12. The Burning Blaze

It has only been minutes. All of Strathbury is drowned in flames. I’m fumbling through the smoky haze, cloak pulled over my mouth and nose. My other hand grasps Clarissant as she barrels for the apothecary. She knows the way, not me.

I can hear screams in the night. And clicking, scuttling things that I can’t quite see.

I pull my hand free. “Go get Anthea!” I tell Clarissant. “I’ll meet you in the apothecary.”

She narrows her eyes at me. “Why should I trust you?”

It is all I can do to keep my composure. I’m in the middle of a war zone! Strathbury burns and smoke stings my eyes and barrels down my throat. And she wants to talk about trust. “What choice do you have?” I sputter. The smoke makes my ultimatum pathetic.

She grabs my forearm as I move back. It’s squishier than it probably should be. But I turn that thought, and my heel, to one side and face her. “Where are you going?” she asks.

“I need to find Gormund! I need to make sure the rest of the town is safe!”

She relents enough for me to pull my arm free.

“Go!” I say and hurl myself in the opposite direction, unsheathing my sword and whirling it around in a gray arc. I scan through the smoky haze. Ambient energies make themselves known to me like visual snow. It clouds my vision almost as much as the smoke. My steps are hesitant, toward the danger.

Images of the slaughter I arrived to flash through my mind’s eye, and I are suddenly more careful of my footing.

The orange glow bathes me in its light. I can hear the scuttling coming closer now. Flashes of dirty bandages. There and gone in an instant.

And then the creature is on top of me, all browning linens and scuttling spiders. I should have cleft it in two the moment I saw it, but I fumble with my blade–I’m not used to it yet. I haven’t even grasped edge alignment again. So what should be a mortal blow is only glancing, and sends a shower of spiders spilling from underneath the linens.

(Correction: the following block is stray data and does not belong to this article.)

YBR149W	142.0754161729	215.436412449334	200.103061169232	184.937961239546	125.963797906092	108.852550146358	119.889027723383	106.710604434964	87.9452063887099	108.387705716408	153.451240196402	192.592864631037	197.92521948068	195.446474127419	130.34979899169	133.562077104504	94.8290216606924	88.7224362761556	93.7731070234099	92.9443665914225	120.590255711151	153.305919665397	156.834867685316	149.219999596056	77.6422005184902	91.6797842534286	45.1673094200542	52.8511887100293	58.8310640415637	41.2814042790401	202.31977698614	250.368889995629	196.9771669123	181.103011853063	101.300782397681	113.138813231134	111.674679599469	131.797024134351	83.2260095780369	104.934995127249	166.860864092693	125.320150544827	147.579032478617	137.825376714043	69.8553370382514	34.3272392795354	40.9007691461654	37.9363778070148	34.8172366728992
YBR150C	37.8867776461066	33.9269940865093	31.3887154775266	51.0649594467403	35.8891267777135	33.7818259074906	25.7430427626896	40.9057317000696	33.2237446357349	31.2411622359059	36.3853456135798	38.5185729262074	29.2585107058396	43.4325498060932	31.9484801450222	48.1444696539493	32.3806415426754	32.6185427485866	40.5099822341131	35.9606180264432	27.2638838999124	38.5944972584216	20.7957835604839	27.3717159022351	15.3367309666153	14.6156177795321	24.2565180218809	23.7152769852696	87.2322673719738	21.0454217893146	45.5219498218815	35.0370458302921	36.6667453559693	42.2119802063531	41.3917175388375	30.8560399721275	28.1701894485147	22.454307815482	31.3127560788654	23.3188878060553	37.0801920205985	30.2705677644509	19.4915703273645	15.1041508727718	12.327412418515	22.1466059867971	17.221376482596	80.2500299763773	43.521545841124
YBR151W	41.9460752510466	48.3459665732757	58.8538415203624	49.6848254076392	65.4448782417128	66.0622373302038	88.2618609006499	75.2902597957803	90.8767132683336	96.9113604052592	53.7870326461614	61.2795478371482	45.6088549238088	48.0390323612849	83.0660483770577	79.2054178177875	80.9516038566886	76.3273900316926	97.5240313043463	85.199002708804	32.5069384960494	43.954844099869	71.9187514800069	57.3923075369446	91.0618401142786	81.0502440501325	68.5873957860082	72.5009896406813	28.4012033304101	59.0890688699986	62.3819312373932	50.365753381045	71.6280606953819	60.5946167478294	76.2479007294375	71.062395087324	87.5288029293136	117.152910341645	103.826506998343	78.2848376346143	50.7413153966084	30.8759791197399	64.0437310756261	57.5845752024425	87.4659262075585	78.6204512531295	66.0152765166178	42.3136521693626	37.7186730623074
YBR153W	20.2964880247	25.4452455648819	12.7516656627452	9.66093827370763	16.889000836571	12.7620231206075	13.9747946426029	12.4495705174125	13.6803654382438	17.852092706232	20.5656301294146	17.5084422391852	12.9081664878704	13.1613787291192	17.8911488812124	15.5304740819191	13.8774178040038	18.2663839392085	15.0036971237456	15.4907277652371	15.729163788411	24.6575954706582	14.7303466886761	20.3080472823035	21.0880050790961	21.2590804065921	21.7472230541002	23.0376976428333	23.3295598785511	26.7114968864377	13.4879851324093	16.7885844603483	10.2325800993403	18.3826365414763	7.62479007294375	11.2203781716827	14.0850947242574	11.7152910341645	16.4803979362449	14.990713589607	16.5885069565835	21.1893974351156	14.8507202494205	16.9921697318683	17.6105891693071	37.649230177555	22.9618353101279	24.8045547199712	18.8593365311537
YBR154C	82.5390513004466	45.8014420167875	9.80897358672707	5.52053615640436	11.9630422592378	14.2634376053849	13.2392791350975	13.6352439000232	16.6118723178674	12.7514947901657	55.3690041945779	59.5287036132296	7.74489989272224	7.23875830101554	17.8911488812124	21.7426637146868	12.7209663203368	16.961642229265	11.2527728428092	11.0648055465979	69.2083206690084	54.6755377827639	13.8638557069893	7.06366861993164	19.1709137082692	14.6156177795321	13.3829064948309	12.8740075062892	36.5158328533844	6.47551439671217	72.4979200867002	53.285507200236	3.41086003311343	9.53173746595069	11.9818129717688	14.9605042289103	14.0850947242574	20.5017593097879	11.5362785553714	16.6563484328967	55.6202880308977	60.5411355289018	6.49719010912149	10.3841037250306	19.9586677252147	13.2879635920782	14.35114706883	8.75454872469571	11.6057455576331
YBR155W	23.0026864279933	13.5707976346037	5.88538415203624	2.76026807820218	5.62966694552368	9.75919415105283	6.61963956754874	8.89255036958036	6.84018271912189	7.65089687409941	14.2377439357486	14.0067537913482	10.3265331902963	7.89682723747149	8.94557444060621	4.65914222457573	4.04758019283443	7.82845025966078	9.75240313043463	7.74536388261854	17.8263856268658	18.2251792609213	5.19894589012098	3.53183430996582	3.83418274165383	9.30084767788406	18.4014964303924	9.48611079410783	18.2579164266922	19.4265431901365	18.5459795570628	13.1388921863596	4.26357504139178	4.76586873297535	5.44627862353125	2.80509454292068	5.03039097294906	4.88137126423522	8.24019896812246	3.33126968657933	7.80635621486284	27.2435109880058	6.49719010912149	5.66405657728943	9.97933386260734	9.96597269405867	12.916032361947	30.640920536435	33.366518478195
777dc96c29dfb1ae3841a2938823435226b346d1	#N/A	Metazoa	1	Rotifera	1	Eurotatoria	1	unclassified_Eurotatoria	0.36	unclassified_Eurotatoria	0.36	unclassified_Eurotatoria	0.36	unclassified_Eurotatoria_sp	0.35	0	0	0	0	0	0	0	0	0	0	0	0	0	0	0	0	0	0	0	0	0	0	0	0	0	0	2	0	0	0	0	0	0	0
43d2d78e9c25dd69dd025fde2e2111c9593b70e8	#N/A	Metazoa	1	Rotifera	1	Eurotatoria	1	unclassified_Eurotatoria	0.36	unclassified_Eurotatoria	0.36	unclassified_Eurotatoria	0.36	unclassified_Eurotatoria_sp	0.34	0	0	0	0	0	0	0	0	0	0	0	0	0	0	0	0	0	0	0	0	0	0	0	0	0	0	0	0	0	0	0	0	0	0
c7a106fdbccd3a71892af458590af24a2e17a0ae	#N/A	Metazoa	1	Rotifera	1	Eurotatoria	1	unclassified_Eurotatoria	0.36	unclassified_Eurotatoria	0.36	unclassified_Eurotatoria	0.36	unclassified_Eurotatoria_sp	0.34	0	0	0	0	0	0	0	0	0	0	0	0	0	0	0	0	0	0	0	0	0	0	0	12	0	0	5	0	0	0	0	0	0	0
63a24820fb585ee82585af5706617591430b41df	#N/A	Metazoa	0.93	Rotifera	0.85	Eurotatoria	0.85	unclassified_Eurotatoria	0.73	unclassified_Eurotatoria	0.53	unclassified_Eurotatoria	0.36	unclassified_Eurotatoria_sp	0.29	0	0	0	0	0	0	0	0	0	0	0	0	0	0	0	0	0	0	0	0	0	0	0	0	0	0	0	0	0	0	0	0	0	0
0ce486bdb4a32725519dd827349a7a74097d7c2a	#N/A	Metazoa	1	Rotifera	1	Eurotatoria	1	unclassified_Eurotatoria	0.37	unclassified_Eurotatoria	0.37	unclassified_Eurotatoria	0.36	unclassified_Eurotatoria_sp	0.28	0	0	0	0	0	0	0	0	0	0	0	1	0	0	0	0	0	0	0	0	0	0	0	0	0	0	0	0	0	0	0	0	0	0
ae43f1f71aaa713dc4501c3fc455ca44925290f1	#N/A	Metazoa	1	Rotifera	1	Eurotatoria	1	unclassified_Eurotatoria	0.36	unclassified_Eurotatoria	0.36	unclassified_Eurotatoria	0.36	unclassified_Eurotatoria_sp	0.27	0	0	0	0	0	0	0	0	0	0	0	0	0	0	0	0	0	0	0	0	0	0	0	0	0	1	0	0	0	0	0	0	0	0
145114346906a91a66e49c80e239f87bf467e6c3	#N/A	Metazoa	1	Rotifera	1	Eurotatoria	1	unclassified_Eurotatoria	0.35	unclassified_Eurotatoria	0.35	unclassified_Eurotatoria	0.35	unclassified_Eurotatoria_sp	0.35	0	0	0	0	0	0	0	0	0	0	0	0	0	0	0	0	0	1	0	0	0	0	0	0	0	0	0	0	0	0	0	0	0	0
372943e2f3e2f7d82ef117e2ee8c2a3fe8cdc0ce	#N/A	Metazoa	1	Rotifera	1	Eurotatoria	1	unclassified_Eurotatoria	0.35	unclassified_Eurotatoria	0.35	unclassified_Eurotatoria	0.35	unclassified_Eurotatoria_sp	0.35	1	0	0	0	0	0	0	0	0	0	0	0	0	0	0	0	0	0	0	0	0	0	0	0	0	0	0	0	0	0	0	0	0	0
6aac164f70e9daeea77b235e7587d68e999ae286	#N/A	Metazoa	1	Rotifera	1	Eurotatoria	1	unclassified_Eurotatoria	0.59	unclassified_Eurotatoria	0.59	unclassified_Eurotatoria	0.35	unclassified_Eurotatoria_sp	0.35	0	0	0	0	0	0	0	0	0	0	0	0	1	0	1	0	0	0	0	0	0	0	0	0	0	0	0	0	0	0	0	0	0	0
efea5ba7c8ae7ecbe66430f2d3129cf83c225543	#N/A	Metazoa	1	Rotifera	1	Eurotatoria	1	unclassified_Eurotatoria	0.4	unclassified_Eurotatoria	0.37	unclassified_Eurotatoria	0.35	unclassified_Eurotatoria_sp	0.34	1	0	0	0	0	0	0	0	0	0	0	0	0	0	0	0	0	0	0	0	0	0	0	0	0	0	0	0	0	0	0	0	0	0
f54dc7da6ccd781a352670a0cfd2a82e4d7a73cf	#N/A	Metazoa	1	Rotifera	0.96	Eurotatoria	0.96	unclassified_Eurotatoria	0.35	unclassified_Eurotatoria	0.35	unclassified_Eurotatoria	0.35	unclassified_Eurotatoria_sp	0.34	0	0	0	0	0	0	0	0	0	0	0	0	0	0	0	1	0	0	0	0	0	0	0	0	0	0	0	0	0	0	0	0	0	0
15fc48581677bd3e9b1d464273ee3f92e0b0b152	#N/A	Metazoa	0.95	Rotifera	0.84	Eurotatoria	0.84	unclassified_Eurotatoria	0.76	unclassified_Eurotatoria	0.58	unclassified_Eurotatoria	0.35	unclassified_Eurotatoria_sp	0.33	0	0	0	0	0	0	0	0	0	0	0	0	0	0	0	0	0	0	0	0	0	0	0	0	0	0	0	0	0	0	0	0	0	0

The creature’s bandaged hand seizes my throat and I see yet more gray and black spiders worming out of its arm, leaving small depressions in its bandaged form. They’re scuttling toward me as the monster’s grip tightens. I’m lifted, flailing. My heels knock together as I dangle.

I have a sword. I know I have a sword. But I feel like nothing more than a frightened boy attacked by a monster that is made of spiders. I cannot get my arms to work. Just thrust, I tell my arms. Just thrust! The spiders are scuttling, pincers snapping and venom dripping and I think, Just thrust!

And when I manage the simple deed, I see the fear in my eyes reflected in the monster’s. It’s bandages unravel, spilling spiders swiftly decaying. But in that quick instant I see something wet and shiny in their eyes. Something like tears. Or a thank you.

Something tightens in my throat. “Their eyes at least are human.”

There’s screaming, whirling, clanging, clanking, as blurry forces march through the smoke and flames. “Gormund!” I’m howling. “Gormund!” My throat is ripping raw. There are not enough among Strathbury to put up more than a meager defense.

My breaths are quick and rattled, raspy. I cannot focus on anything. I’m just darting around at shapes in the haze. I’m trembling as the fire consumed and blackens every home.

I’m panicking, I realize.